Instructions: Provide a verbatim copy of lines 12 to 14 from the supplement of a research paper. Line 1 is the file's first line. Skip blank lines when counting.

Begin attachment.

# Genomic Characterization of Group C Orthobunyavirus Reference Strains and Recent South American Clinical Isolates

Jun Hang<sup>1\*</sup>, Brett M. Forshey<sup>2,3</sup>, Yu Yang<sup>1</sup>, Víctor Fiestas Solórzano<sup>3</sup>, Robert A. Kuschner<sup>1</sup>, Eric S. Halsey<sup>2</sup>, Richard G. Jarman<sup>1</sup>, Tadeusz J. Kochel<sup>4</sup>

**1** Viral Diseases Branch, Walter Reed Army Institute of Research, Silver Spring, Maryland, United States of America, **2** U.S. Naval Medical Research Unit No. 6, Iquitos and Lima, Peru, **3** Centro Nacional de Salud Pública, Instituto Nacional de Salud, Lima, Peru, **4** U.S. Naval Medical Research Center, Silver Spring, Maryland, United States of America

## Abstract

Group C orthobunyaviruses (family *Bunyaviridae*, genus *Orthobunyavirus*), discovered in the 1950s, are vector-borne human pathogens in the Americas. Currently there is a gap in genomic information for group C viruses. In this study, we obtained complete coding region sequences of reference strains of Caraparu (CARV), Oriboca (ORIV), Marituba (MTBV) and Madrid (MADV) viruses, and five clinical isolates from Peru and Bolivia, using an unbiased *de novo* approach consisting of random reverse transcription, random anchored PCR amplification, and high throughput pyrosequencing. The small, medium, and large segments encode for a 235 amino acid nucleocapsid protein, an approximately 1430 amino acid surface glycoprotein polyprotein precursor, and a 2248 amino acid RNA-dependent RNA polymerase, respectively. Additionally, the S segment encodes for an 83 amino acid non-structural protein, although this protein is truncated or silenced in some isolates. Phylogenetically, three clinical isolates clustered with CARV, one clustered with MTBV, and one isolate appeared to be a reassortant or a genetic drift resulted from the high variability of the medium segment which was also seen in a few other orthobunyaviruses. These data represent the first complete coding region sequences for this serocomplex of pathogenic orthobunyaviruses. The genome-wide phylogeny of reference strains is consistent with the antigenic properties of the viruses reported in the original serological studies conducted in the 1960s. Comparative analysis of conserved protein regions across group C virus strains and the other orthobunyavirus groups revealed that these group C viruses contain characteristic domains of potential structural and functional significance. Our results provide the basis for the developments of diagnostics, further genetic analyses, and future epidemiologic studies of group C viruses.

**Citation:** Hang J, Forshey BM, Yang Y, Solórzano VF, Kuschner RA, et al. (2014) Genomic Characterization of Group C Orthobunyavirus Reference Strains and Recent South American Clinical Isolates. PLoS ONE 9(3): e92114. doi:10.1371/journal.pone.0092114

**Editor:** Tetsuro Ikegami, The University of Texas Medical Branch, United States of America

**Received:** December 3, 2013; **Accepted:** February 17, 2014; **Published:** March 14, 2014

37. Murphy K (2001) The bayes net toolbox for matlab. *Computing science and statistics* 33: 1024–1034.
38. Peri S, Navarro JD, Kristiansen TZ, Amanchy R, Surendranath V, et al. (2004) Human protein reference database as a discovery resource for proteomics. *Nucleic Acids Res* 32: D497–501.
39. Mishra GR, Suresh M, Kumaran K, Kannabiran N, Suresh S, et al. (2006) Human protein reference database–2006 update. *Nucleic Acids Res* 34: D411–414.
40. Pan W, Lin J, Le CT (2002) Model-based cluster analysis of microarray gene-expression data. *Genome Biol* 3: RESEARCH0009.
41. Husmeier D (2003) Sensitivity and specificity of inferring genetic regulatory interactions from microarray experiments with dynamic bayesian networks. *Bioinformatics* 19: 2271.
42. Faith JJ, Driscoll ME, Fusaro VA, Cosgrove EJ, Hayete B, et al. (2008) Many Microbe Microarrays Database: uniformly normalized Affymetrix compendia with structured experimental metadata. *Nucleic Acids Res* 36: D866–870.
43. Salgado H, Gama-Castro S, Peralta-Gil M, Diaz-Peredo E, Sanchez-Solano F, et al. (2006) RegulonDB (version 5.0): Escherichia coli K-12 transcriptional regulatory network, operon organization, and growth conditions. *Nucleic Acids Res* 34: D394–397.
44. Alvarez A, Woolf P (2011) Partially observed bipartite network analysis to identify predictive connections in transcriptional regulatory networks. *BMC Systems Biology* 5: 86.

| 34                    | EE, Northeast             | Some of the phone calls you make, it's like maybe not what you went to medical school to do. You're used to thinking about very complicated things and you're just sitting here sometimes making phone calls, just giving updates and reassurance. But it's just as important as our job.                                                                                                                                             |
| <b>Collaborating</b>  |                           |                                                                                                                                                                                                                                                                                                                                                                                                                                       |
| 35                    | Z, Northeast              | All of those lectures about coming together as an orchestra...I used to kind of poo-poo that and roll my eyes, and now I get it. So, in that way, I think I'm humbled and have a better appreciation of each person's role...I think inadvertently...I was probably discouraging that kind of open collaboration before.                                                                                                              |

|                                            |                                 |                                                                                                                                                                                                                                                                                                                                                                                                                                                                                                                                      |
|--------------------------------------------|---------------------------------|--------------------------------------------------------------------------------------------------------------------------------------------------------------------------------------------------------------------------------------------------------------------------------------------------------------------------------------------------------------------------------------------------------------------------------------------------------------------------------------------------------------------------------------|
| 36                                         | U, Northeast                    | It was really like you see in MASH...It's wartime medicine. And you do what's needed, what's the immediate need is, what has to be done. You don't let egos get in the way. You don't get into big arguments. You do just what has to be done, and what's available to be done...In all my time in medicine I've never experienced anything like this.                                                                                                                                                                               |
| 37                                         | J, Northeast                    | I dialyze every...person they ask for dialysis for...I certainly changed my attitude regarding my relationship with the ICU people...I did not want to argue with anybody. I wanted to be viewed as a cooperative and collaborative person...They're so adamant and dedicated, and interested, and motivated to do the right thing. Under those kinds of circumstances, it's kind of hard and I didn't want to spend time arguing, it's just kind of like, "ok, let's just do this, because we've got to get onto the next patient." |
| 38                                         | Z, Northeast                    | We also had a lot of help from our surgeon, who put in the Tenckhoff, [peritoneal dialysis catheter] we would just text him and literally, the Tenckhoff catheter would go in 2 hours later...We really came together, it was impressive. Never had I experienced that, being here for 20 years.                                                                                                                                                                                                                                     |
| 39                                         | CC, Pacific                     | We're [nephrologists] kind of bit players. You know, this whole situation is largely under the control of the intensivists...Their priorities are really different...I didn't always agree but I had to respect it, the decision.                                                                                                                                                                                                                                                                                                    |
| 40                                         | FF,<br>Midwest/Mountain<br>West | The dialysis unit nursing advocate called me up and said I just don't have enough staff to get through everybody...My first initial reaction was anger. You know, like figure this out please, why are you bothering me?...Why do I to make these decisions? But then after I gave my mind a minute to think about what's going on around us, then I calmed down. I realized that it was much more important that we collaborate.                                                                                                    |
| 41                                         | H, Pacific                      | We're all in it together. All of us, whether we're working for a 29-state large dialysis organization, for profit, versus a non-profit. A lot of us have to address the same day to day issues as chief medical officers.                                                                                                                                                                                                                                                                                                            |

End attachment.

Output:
40. Pan W, Lin J, Le CT (2002) Model-based cluster analysis of microarray gene-expression data. *Genome Biol* 3: RESEARCH0009.
41. Husmeier D (2003) Sensitivity and specificity of inferring genetic regulatory interactions from microarray experiments with dynamic bayesian networks. *Bioinformatics* 19: 2271.
42. Faith JJ, Driscoll ME, Fusaro VA, Cosgrove EJ, Hayete B, et al. (2008) Many Microbe Microarrays Database: uniformly normalized Affymetrix compendia with structured experimental metadata. *Nucleic Acids Res* 36: D866–870.